Meanwhile Charlie Victor drags Samantha along with him on his investigation somewhat unwillingly, but he feels she's his best chance at tracking down her assistant - which is his only lead to the rest of the androids. Through a combination of flashbacks to Charlie's time in the war and Malcom's interactions with the replicants in the present the reader starts to realize that one of Charlie's compatriots, Talus, is the leader of this renegade group - and they're headed towards a final confrontation.
Along the way, the reader learns that Samantha does not deal well with death - despite being a scientist she hasn't learned to distance herself from those she's trying to help. And worse, now she may be faced with killing a replicant - is that even life? And can she do it if it comes down to a choice between her own survival and her strong aversion to causing harm to someone else?
Most of the androids don't trust or like Malcom, but Talus finds him fascinating - both for his talent, and for his lack of fear of replicants. Things will get more complicated for both men when Charlie and Samantha finally show up though - as Samantha is ready to show the replicants what it's like to have those emotions they so despise. What becomes of Talus plan to eliminate those "feeling" humans when that no longer separates their people, and what becomes of Malcom when the replicants who were blissfully unfeeling are suddenly overwhelming his senses? And what is Charlie's ultimate purpose, the programming that he cannot escape that compels him to complete his mission?
These are all fascinating questions that are each given their own resolution within this story. Like the best science fiction, not only does it raise questions, but it at least provides the characters with an opportunity to grow from their experiences in the story and come to their own conclusions about what has happened. In all Dust to Dust is an intriguing tale, a story that works well within the framework of Dick's original and also as a nice expansion to it. Dust to Dust doesn't just bring good concepts to the table, it also utilizes them well, creating a whole story that's a pleasure to read from beginning to end.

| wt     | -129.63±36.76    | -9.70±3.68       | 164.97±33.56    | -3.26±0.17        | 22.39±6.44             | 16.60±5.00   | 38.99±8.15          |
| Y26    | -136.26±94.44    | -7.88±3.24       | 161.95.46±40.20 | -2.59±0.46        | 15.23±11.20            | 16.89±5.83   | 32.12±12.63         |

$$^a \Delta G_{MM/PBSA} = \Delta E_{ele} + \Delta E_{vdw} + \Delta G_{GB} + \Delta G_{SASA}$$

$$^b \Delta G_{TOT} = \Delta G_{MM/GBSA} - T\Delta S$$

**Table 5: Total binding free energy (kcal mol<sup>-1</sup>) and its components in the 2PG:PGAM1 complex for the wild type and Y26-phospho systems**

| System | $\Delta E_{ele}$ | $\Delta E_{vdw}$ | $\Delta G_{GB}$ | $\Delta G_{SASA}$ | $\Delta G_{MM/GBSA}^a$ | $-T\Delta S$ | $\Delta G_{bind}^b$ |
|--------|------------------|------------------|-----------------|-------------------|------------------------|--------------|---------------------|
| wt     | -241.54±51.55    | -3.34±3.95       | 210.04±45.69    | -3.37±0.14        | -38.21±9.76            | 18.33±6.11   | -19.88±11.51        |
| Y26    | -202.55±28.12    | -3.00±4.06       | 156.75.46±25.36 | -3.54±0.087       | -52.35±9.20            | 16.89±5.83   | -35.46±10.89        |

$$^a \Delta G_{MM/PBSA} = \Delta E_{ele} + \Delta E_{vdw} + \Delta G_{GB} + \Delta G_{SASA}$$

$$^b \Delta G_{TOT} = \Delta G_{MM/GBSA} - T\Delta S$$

If you're a fan of either Blade Runner or Philip K Dick's stories, Dust to Dust has a little something for either of you. You need not be well versed in either in order to understand this series, while I may have revealed in my prior review that I've seen the movie a few times and read the book, I'll also say that it's been years since I've done either - and I found I had no difficulty following the story presented here. Fans of science fiction in their comics would do well to pay attention to this book as well, this is not space fantasy, but about exploring the human condition by using the broad context of a future world in which man has made a machine in his own image; from Dust to Dust.